Determine the scope of the project
The extent of your rebrand will influence the price. Will it be a simple logo swap or a full overhaul of your visual identity? The bigger the change, the greater the cost.
Naturally, it’s more complicated than that, but it’s a good rule of thumb. Consider whether the new branding is an evolution of the existing brand or a radical departure from it? This determines how you launch and implement the brand.
If your brand is to evolve, it may suit the organisation to roll out the brand steadily over time, helping to reduce the cost by taking advantage of increased lead times and regular replacement cycles. However, a more revolutionary overhaul has a greater impact on employees and customers if revealed in a big launch, immersing all stakeholders in the new brand from day one. Of course, this may be the more expensive option, but finding the right balance of incremental spend versus impact is critical.
Factor in any legal processes
There may be legal factors to consider. These can come with a hefty price tag especially if your organisation sits within a highly regulated sector. For any organisation, a new logo or brand mark will need trademark protection, and any new fonts will require licensing. If the brand, company name or regulated labelling of products is changing, there may also be further costs when it comes to legal documentation.
Do you have the right resource to manage the rebrand?
A rebrand can be a challenging project for any organisation. The best way to manage it is with a dedicated project team. Does your organisation have the necessary resources and skills, to carry the rebrand through to completion? The answer can have an enormous impact on the overall spend as you may need additional support. In our experience, we find that having a dedicated project team is invaluable to a smooth roll out. Companies should carefully consider using specialist support when setting up the project organisation.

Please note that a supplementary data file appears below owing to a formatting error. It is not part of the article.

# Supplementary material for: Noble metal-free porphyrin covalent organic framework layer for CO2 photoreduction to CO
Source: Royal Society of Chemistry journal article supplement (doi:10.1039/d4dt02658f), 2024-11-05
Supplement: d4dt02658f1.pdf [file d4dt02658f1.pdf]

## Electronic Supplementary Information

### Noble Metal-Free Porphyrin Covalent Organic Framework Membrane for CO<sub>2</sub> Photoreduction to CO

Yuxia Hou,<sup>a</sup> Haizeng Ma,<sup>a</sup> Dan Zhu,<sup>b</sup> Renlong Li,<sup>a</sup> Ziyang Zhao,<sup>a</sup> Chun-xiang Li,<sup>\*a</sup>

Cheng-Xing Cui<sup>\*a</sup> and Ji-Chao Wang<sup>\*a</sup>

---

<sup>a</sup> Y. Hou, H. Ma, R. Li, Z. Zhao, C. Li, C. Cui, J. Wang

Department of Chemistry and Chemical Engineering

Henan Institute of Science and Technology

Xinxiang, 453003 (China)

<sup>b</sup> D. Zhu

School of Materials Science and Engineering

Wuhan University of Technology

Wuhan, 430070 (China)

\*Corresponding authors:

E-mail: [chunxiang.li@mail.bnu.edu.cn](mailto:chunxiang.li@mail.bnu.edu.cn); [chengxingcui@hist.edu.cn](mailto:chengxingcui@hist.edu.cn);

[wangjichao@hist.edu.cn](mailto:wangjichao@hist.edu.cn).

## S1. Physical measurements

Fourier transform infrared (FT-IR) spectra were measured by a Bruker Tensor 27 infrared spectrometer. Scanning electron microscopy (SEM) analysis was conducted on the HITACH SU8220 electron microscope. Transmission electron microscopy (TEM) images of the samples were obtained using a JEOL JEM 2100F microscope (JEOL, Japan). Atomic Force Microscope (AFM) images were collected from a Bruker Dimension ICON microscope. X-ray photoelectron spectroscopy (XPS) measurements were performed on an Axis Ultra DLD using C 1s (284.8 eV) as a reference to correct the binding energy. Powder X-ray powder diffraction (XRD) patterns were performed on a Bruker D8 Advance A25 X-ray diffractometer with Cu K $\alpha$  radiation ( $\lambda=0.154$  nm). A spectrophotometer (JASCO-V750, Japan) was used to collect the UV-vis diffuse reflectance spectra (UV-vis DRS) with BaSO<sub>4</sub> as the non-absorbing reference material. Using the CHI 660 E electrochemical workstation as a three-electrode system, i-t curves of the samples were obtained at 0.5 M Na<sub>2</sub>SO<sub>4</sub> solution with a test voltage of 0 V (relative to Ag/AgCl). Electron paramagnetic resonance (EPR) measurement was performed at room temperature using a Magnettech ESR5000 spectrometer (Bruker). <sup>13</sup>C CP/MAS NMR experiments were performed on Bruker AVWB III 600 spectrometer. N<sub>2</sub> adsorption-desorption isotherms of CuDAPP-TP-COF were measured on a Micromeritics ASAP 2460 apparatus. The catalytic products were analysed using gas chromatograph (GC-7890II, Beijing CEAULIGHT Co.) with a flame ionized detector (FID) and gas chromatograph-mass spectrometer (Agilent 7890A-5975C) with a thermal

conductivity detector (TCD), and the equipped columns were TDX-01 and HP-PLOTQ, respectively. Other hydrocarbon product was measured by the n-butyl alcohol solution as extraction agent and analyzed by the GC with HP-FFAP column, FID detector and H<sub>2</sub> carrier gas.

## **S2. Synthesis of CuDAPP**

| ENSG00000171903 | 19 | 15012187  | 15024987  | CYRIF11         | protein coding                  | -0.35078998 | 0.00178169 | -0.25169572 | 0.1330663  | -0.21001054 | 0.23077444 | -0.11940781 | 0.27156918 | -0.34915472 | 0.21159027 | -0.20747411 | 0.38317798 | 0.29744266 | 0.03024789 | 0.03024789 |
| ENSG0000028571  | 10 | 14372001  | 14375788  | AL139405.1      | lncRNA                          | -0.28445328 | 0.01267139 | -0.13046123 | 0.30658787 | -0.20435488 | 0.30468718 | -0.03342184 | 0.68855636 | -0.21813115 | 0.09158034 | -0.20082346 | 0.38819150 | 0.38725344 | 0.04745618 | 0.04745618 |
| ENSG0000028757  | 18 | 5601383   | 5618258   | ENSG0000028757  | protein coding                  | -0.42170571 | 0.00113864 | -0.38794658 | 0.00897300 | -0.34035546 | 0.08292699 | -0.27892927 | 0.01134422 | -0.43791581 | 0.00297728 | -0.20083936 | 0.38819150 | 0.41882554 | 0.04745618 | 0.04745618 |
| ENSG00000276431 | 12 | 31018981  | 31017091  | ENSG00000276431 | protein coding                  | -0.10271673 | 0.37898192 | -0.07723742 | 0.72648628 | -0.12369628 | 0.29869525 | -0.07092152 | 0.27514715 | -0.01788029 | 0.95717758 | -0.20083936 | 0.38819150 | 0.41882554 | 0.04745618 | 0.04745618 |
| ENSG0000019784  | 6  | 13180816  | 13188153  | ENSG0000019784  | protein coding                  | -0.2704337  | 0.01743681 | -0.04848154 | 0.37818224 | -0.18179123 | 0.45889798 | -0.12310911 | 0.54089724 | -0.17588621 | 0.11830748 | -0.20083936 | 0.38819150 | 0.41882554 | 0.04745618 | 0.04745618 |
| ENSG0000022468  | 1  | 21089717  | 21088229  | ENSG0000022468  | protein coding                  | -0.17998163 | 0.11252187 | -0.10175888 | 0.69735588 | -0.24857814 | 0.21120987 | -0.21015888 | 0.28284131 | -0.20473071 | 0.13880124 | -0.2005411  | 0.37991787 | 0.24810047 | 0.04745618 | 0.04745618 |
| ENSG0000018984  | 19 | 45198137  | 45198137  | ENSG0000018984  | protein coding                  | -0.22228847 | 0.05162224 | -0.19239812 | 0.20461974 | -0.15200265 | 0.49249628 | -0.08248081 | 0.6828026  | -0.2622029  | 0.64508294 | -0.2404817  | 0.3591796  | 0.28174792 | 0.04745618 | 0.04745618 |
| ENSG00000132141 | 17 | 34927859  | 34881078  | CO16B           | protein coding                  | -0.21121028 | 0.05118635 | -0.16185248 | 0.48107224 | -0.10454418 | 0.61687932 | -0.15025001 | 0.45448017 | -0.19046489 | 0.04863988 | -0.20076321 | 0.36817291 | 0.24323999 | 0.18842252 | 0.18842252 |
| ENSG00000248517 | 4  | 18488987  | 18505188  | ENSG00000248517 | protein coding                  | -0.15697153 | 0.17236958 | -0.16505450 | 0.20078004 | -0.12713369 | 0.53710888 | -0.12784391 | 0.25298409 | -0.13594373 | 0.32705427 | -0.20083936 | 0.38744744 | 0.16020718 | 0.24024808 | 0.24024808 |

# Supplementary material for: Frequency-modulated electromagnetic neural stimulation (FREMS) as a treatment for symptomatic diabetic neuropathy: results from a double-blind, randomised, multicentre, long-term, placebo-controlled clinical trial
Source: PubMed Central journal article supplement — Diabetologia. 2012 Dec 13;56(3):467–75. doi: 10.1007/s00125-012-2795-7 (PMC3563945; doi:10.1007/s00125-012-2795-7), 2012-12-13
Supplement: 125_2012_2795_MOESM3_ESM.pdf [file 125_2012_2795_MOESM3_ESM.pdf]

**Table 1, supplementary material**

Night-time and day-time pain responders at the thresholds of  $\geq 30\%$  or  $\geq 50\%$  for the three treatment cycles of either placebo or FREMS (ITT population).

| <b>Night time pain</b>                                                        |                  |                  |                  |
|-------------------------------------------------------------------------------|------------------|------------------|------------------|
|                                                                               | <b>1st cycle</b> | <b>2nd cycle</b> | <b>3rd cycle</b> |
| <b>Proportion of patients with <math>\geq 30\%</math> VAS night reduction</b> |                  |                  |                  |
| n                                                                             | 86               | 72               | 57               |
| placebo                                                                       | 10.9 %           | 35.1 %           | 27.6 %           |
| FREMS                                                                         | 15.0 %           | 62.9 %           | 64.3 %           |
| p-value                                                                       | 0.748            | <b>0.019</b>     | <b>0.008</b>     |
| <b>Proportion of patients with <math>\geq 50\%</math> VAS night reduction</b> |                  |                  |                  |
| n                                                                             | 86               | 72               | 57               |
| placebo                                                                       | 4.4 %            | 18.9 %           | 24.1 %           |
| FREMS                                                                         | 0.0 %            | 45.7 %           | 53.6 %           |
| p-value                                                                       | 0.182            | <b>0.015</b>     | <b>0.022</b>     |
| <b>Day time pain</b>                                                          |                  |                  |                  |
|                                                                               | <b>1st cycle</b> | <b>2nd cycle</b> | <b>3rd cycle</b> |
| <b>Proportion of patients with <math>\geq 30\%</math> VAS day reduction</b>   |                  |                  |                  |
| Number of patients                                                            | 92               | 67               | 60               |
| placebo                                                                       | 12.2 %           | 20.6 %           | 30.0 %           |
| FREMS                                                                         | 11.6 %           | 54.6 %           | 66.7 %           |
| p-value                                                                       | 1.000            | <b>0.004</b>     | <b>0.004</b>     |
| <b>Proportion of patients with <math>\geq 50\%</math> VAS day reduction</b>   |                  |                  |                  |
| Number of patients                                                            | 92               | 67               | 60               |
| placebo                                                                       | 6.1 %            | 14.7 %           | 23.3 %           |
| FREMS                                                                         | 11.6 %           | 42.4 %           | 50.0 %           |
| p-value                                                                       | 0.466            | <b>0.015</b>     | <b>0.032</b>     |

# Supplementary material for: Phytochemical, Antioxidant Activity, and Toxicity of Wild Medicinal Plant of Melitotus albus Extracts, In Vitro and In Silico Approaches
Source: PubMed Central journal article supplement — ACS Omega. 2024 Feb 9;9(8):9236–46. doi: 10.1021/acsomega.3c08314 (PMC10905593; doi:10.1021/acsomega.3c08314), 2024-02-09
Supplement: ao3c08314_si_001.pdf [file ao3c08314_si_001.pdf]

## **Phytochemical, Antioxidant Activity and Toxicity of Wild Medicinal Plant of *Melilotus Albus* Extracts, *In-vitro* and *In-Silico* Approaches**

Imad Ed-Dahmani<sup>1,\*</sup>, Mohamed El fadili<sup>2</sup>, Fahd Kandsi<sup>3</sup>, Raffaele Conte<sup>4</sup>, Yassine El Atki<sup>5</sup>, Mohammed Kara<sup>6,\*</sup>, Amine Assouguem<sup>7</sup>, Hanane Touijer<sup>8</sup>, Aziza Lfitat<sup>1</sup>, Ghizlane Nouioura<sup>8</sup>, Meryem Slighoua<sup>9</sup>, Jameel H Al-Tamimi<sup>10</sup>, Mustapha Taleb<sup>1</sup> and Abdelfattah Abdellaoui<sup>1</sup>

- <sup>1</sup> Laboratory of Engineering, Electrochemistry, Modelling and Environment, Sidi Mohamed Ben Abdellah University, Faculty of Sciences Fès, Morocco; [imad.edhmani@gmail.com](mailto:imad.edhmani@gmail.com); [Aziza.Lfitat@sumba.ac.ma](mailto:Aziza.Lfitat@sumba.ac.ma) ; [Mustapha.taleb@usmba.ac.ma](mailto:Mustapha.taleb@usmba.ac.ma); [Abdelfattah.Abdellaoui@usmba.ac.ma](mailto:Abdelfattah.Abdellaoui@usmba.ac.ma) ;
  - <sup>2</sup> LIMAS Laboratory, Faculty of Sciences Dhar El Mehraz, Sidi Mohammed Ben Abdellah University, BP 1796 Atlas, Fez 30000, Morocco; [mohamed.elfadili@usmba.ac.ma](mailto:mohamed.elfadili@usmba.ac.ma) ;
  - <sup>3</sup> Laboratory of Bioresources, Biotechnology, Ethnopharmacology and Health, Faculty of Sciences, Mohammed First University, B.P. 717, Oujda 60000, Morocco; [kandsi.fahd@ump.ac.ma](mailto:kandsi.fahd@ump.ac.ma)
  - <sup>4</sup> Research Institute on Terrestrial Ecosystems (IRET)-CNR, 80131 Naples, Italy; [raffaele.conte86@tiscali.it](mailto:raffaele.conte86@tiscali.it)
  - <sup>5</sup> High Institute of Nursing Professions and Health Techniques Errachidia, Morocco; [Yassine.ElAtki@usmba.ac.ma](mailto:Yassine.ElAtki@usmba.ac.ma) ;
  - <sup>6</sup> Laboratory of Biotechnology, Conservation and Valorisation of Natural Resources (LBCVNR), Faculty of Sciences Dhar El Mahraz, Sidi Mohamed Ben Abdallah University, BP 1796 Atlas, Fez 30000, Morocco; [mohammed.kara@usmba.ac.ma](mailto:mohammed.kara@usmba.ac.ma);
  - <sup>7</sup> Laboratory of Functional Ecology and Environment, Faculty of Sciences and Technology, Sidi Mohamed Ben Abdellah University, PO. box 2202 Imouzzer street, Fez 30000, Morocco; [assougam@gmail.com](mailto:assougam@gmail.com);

What else is going on in the business?
When preparing for a roll out, consider any projects that may run concurrently to the rebrand. You may be able to use these as either a catalyst for the project or a way to drive change through part of the business. It can also be helpful to consider when you need to replace brand items such as signage or digital resources; if something is due to be modified in the very near future, consider whether it’s worth applying a temporary solution and using the regular replacement method later on for a thorough update.
Align ambition to budget
We often see a conflict between aspiration and budget. Which is being made to fit which? Sometimes the ambition far exceeds the constraints of the budget, and there is a need to set more realistic goals.
To define a suitable budget, consider the business case for the rebrand. Do you expect to have the support of the board and other key stakeholders, or do they need convincing? Do they see the financial benefits of building a stronger brand? Access appropriate data to demonstrate the value of the brand, this will help convince those who set and approve budgets that it is in the organisation’s best interest to invest in the rebrand.
While the above list is a starting point, pricing a rebrand is not a quick or easy task.
Over the years we have developed our ImpactValuator database using data collected from the rebrands we have conducted with our clients since 2002. It has become an invaluable tool that helps navigate the pricing minefield before you start.